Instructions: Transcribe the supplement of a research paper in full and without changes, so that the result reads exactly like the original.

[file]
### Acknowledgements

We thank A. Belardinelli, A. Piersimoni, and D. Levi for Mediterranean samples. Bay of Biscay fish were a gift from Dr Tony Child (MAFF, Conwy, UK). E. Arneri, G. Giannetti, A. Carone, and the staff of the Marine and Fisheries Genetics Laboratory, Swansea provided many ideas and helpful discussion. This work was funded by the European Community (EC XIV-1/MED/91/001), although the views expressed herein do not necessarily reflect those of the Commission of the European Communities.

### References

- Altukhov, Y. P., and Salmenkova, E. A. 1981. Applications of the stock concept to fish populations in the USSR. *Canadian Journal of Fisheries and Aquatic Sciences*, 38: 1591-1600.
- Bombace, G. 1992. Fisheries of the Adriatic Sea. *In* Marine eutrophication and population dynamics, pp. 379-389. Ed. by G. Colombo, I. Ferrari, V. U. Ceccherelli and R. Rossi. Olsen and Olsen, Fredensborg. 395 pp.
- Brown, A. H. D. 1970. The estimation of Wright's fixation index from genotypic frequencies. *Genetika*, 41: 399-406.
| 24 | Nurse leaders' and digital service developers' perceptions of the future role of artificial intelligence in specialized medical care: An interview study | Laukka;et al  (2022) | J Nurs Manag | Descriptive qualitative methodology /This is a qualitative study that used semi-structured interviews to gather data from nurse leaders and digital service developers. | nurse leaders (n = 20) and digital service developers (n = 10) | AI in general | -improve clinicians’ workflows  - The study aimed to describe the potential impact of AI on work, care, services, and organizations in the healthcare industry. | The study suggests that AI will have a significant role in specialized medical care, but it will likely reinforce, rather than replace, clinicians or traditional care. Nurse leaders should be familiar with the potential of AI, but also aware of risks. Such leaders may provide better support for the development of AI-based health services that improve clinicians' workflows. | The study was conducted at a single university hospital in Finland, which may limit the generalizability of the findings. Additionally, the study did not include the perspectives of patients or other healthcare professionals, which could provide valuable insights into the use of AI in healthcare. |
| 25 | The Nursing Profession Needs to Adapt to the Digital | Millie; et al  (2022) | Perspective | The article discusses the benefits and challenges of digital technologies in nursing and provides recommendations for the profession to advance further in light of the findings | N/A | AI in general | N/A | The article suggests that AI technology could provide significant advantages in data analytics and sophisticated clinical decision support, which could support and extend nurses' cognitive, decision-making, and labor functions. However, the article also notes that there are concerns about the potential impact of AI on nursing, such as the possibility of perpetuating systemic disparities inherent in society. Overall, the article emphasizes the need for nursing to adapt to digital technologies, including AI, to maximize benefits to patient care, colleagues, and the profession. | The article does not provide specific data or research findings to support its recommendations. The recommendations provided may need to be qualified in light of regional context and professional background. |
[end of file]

### Acknowledgements

We thank A. Belardinelli, A. Piersimoni, and D. Levi for Mediterranean samples. Bay of Biscay fish were a gift from Dr Tony Child (MAFF, Conwy, UK). E. Arneri, G. Giannetti, A. Carone, and the staff of the Marine and Fisheries Genetics Laboratory, Swansea provided many ideas and helpful discussion. This work was funded by the European Community (EC XIV-1/MED/91/001), although the views expressed herein do not necessarily reflect those of the Commission of the European Communities.

### References

- Altukhov, Y. P., and Salmenkova, E. A. 1981. Applications of the stock concept to fish populations in the USSR. *Canadian Journal of Fisheries and Aquatic Sciences*, 38: 1591-1600.
- Bombace, G. 1992. Fisheries of the Adriatic Sea. *In* Marine eutrophication and population dynamics, pp. 379-389. Ed. by G. Colombo, I. Ferrari, V. U. Ceccherelli and R. Rossi. Olsen and Olsen, Fredensborg. 395 pp.
- Brown, A. H. D. 1970. The estimation of Wright's fixation index from genotypic frequencies. *Genetika*, 41: 399-406.
| 24 | Nurse leaders' and digital service developers' perceptions of the future role of artificial intelligence in specialized medical care: An interview study | Laukka;et al  (2022) | J Nurs Manag | Descriptive qualitative methodology /This is a qualitative study that used semi-structured interviews to gather data from nurse leaders and digital service developers. | nurse leaders (n = 20) and digital service developers (n = 10) | AI in general | -improve clinicians’ workflows  - The study aimed to describe the potential impact of AI on work, care, services, and organizations in the healthcare industry. | The study suggests that AI will have a significant role in specialized medical care, but it will likely reinforce, rather than replace, clinicians or traditional care. Nurse leaders should be familiar with the potential of AI, but also aware of risks. Such leaders may provide better support for the development of AI-based health services that improve clinicians' workflows. | The study was conducted at a single university hospital in Finland, which may limit the generalizability of the findings. Additionally, the study did not include the perspectives of patients or other healthcare professionals, which could provide valuable insights into the use of AI in healthcare. |
| 25 | The Nursing Profession Needs to Adapt to the Digital | Millie; et al  (2022) | Perspective | The article discusses the benefits and challenges of digital technologies in nursing and provides recommendations for the profession to advance further in light of the findings | N/A | AI in general | N/A | The article suggests that AI technology could provide significant advantages in data analytics and sophisticated clinical decision support, which could support and extend nurses' cognitive, decision-making, and labor functions. However, the article also notes that there are concerns about the potential impact of AI on nursing, such as the possibility of perpetuating systemic disparities inherent in society. Overall, the article emphasizes the need for nursing to adapt to digital technologies, including AI, to maximize benefits to patient care, colleagues, and the profession. | The article does not provide specific data or research findings to support its recommendations. The recommendations provided may need to be qualified in light of regional context and professional background. |